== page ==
I’ve attended more than 3,000 AA meetings. I lived and breathed the model during that decade of misery. I worked within the “service structure” of AA, understood its underpinnings, its finances, where the money went and how they kept the multimillion dollar enterprise alive and running. I could see the abysmal rate of success (and watched as members touted the 75% success rate lie over and over to newcomers to get them to join and become lifetime members).

Knowing the AA model was not what they were saying it was, I decided to try to change AA from within by creating a new set of meetings for people to attend, but watched as this new “fellowship” naturally morphed back into the control-based cult rooted in powerlessness. I tried to be a “better old timer” by telling people they could recover completely, only to be admonished and cast out of AA by “district heads” for telling such heresy. “People only get a daily reprieve Mark – what you’re saying is dangerous!” Next thing I knew my name along with the names of my businesses which existed to help people were being slandered in an AA newsletter that was sent across the country to more than 14,000 groups. I needed to step back in line and stop making waves in the cult. I was told in no uncertain terms that I must trust in the powerlessness agenda or face more of these Gestapo tactics. But I couldn’t. I couldn’t lie. I couldn’t continue to exist in that charade that was harming so many. I decided then, in 1998, after 10 years of trying to change it, to begin the process of leaving AA for good and in extricating myself from the cult thinking, a new model emerged.

Leaving AA

In the Freedom Model for Addictions, the book begins with the following passage:

Anyone, even those who have a serious drug or alcohol problem, can choose to use moderately, and contrary to popular belief, they can do so successfully.

That is a bold statement, and furthermore, it’s absolutely a fact. Your inherent personal freedom allows for you to control your current use patterns, your past use patterns, and your future use patterns – whatever they are. Freedom is the belief, without fear, that you determine the course of your life and all that is in it, and that includes drug and alcohol use.

Now, you might be asking why the first words in The Freedom Model are about moderation. I started with this topic because I wanted to demonstrate to you just how revolutionary The Freedom Model approach is. By stating that moderation is a doable option for everyone, regardless of the severity of their habit, we hopefully have gotten your attention.

I left AA and I was finally free. I decided not to use drugs and/or alcohol with my own human mind and reasoning. I rejected the AA statement that “alcohol is cunning baffling and powerful.” I decided to look at the facts. Alcohol (and drugs) have no power – they are lifeless substances. They have no will, they have no volition, they have no motive. It was time to take the power back. I have a life force. I have free will. I have motives and desires and choices. And I chose to no longer view an inert substance with humanlike qualities. I decided to no longer pit my free will against an imaginary power of a substance. This was the basis for leaving AA. This was the basis to stop fearing a literal boogieman. This was the decision to move on and be free.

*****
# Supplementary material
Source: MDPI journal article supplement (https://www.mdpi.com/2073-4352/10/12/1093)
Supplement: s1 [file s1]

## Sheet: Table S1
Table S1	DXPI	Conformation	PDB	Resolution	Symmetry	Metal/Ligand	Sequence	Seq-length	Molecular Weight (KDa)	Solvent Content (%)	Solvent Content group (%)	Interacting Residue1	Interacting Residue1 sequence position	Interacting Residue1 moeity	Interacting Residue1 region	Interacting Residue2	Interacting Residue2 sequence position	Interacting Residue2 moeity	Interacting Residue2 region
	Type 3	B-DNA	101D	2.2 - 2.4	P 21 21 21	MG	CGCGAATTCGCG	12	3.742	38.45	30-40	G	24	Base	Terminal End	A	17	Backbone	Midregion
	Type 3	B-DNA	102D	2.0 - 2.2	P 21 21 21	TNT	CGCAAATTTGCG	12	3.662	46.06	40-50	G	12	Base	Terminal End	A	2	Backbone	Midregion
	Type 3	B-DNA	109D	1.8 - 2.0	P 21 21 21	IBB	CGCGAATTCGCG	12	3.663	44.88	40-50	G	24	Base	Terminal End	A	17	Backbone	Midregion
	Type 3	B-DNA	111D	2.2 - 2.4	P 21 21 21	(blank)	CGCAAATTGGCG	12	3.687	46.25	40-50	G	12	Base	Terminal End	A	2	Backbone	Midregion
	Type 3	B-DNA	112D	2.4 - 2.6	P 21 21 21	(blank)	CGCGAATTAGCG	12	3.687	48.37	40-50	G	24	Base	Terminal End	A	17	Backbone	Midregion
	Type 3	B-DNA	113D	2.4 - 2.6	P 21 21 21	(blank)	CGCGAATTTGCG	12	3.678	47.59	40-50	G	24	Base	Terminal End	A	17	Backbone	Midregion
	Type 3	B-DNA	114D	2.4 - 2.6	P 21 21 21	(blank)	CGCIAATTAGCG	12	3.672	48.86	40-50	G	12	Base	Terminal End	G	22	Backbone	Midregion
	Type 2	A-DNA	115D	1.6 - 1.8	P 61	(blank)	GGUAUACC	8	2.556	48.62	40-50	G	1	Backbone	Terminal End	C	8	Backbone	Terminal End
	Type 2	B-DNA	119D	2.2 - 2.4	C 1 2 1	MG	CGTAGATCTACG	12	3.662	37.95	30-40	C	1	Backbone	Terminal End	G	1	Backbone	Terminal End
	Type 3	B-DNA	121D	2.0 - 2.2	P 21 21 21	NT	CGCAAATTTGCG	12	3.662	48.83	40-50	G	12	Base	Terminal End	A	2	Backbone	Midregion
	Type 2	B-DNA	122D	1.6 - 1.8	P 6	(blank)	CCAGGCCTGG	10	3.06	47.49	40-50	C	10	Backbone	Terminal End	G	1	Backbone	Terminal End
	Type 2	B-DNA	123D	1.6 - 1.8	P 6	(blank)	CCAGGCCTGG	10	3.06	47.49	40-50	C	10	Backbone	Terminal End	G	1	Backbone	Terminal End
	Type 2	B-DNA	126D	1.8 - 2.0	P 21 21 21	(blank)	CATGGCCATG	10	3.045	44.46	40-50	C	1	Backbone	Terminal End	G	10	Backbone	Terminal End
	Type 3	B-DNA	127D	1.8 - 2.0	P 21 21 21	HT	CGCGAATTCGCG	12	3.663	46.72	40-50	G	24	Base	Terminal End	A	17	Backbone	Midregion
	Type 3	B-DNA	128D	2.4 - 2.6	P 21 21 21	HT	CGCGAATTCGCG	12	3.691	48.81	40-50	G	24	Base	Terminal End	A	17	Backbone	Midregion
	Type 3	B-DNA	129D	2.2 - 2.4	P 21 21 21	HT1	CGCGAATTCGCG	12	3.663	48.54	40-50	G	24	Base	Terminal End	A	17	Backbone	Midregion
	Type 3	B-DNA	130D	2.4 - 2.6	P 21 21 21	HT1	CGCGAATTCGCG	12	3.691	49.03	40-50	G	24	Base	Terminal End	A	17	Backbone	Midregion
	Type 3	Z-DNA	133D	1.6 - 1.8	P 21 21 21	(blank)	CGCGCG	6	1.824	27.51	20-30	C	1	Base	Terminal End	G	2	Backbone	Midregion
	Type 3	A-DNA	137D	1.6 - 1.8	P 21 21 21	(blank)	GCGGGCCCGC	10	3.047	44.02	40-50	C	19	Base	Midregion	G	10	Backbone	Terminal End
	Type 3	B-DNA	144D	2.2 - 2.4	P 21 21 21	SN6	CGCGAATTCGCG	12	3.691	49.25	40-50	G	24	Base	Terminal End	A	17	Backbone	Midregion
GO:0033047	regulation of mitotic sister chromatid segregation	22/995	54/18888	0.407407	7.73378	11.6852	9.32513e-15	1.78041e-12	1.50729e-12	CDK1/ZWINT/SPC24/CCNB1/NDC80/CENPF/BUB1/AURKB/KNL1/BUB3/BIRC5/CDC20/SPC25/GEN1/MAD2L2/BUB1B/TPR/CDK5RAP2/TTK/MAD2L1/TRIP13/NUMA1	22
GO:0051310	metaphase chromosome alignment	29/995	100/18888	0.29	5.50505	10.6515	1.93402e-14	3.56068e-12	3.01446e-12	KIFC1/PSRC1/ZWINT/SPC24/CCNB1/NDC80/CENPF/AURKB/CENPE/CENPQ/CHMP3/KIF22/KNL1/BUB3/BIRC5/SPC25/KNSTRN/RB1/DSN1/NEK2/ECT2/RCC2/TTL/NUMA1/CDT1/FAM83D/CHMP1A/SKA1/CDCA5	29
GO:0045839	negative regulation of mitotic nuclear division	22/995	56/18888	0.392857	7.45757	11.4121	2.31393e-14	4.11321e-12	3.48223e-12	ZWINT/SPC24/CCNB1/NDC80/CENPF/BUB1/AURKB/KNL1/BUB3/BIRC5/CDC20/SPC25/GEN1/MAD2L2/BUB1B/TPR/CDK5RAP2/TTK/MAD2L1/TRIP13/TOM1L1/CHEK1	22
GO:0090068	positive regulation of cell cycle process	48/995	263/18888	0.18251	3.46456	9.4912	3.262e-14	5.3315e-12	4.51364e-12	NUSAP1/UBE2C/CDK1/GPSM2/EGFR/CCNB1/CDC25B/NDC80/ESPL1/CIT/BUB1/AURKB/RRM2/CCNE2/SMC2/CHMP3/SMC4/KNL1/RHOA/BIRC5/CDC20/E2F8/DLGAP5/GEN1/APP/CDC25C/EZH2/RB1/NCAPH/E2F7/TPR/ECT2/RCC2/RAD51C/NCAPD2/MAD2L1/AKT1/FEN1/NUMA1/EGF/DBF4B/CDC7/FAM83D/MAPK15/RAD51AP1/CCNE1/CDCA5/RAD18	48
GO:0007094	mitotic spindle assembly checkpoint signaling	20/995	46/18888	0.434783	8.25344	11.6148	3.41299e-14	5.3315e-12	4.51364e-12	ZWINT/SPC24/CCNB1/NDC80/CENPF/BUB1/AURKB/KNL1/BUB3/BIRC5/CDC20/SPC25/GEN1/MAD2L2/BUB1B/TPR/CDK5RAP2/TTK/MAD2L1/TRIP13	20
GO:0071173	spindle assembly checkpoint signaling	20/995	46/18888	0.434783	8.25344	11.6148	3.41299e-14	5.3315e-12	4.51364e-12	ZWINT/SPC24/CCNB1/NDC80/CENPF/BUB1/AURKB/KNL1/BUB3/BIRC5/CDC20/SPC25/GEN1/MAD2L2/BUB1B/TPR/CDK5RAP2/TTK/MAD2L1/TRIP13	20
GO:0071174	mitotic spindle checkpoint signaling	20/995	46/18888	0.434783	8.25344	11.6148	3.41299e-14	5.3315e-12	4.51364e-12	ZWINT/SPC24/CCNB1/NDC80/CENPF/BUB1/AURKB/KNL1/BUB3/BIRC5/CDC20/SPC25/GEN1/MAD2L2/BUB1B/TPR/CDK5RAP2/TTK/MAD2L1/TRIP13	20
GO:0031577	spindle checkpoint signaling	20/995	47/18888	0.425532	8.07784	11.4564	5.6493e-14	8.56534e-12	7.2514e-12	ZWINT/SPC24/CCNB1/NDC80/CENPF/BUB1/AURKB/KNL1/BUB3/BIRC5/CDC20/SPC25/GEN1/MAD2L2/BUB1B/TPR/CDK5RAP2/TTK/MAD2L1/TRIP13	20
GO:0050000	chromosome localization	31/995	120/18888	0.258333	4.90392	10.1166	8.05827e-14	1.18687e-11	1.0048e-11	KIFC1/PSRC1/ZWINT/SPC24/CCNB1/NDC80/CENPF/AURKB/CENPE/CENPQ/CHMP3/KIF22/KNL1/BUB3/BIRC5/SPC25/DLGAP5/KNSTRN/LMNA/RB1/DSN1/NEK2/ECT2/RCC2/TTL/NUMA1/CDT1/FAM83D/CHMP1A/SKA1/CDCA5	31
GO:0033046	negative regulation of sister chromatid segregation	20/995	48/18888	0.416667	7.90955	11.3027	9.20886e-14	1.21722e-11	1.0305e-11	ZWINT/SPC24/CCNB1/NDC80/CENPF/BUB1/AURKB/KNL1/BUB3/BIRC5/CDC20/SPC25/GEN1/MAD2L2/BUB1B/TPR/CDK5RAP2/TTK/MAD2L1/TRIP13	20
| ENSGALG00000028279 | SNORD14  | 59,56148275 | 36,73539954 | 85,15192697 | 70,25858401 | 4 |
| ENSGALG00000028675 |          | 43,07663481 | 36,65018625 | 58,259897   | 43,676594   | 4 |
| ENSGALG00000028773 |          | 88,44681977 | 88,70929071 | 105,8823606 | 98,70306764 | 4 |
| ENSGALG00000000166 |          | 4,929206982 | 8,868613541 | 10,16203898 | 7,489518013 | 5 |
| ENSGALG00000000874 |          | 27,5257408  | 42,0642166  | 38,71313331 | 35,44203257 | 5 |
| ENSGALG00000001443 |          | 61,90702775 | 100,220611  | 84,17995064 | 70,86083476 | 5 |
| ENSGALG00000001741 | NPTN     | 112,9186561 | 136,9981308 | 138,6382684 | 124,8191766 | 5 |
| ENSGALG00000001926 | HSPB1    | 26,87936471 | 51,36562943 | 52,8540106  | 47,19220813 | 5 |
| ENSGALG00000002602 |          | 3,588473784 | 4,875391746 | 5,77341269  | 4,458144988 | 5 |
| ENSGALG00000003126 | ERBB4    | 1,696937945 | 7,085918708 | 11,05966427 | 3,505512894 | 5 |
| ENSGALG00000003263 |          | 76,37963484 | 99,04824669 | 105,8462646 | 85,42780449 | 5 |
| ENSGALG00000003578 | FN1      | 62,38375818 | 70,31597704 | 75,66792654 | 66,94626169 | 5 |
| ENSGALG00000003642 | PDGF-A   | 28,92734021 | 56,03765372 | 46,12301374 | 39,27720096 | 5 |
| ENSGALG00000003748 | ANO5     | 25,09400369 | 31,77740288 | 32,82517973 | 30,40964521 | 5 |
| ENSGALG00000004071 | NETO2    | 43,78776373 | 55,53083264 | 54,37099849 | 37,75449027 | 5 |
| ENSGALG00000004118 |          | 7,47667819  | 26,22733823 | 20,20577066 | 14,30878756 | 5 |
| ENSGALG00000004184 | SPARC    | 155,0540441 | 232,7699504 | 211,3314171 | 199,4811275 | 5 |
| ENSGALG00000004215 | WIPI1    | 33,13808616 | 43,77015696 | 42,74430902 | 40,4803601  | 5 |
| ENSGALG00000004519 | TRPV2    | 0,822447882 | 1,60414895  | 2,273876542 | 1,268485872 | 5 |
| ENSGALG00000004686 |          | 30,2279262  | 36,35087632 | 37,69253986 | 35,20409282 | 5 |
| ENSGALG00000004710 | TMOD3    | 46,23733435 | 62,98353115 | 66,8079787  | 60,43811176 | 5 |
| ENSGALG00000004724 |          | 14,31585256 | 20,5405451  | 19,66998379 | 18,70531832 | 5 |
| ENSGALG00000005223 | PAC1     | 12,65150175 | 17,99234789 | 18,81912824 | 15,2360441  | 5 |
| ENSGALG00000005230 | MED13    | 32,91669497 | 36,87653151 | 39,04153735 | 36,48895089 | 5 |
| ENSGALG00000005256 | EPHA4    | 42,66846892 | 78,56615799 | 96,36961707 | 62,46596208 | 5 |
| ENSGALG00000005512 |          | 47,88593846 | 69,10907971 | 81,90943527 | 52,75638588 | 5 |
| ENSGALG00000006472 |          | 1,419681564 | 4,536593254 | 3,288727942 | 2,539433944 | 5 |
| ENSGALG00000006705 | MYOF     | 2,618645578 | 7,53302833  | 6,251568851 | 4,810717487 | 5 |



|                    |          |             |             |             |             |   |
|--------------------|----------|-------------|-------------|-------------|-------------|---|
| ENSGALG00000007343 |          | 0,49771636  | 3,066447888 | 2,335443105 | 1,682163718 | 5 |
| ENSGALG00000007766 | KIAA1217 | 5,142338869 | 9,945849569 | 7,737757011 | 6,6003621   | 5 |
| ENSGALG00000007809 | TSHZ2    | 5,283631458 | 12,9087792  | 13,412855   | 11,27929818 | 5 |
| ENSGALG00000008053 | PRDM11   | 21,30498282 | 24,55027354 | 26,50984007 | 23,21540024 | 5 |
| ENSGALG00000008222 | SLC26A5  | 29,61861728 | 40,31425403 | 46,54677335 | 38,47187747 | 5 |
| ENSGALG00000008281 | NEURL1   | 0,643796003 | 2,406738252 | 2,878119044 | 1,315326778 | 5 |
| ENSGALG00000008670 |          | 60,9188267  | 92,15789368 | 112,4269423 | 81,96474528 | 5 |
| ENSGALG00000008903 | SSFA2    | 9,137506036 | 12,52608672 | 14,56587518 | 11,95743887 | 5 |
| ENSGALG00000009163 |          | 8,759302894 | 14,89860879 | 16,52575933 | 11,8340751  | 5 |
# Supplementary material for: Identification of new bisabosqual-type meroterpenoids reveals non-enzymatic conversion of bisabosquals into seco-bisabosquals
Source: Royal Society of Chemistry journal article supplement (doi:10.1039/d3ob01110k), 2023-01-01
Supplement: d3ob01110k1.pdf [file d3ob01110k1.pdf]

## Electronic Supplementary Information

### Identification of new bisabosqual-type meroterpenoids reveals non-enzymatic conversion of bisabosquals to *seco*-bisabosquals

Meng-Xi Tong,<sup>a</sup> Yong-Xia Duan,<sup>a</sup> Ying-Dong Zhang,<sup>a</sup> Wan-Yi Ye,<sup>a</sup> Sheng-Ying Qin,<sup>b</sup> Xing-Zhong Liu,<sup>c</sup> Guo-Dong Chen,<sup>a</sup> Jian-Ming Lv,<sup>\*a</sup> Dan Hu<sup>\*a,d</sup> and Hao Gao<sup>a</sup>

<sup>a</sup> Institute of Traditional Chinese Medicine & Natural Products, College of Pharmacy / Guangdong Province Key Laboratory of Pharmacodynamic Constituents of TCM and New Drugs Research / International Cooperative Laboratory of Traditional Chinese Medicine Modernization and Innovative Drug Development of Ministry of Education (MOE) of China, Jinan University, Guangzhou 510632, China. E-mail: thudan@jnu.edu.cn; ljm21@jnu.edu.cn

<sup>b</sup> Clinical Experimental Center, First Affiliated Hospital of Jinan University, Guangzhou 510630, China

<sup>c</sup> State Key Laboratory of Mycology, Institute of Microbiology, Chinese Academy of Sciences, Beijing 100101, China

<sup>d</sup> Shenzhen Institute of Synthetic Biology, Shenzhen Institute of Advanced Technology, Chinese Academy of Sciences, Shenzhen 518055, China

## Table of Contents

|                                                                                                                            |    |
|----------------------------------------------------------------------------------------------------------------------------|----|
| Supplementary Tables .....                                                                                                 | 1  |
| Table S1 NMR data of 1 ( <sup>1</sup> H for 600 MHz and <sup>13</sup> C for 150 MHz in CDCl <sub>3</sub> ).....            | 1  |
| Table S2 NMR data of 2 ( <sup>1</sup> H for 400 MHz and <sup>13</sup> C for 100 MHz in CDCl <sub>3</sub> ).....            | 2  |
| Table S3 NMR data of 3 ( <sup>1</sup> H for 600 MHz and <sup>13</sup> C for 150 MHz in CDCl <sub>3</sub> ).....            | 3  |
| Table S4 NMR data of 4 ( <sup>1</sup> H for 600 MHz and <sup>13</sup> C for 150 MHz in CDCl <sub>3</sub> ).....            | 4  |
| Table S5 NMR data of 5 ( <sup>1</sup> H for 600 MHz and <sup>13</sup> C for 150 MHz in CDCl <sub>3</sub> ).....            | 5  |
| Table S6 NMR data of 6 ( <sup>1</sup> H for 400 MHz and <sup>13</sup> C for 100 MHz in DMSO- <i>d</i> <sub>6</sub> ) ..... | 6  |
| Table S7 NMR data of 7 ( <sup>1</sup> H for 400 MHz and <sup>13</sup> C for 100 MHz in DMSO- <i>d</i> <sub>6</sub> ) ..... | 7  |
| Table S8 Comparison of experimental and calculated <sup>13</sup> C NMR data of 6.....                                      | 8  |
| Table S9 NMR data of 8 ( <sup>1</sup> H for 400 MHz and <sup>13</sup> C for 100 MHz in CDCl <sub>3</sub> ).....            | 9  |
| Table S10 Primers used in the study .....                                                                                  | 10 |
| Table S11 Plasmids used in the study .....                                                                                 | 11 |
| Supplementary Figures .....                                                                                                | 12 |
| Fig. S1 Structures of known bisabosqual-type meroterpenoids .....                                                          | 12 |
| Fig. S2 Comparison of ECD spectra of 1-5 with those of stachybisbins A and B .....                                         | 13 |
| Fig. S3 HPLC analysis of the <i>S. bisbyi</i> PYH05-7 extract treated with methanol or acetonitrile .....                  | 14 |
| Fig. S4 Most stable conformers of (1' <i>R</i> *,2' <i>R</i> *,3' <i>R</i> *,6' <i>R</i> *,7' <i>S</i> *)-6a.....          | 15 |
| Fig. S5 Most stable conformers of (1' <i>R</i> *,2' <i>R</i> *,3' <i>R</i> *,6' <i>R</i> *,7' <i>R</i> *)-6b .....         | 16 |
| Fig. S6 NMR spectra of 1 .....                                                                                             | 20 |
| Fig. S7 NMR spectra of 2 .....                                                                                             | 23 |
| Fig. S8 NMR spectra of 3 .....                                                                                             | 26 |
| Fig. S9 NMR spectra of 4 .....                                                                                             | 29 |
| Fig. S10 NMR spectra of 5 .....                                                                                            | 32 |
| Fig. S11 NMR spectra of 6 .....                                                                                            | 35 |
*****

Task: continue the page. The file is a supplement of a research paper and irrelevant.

I get asked all the time, “Do you drink Mark?” It’s usually a question painted with a challenge. I answer, “Of course. But if you’re asking do I drink with the same motives I once did, I say, of course not. In those days I feared the boogieman I learned to fear in AA. Once I realized booze was not the force it was described to me when I was a boy, I was able to put things in perspective. Then I was able to ask myself some fundamental questions. The most significant of which was – do I want to drink a lot and get drunk a lot? It was a simple question really. And once I realized alcohol and drugs were whatever I made them out to be, the perceived benefits of drinking began to shrink. This then made being moderate and sober much more attractive options than being loaded. Once that conversion occurred in my mind, I never had a problem with booze again.”

After having helped people for more than 3 decades, I know a certain group will read what I’ve written here and they won’t get it. It’s a bridge too far because they have been taught so much of the addiction and treatment mythology. They are caught in the trap. So for you out there who are struggling to even imagine an “easy” way to stop or moderate your use of booze and/or drugs, I suggest you read The Freedom Model for Addictions. Every addiction and treatment myth is addressed in detail and debunked with solid research for you. You will never fear drugs or alcohol again. You will be able to avoid having to live “in recovery” too. You really can be free – but you need the facts to do so effectively.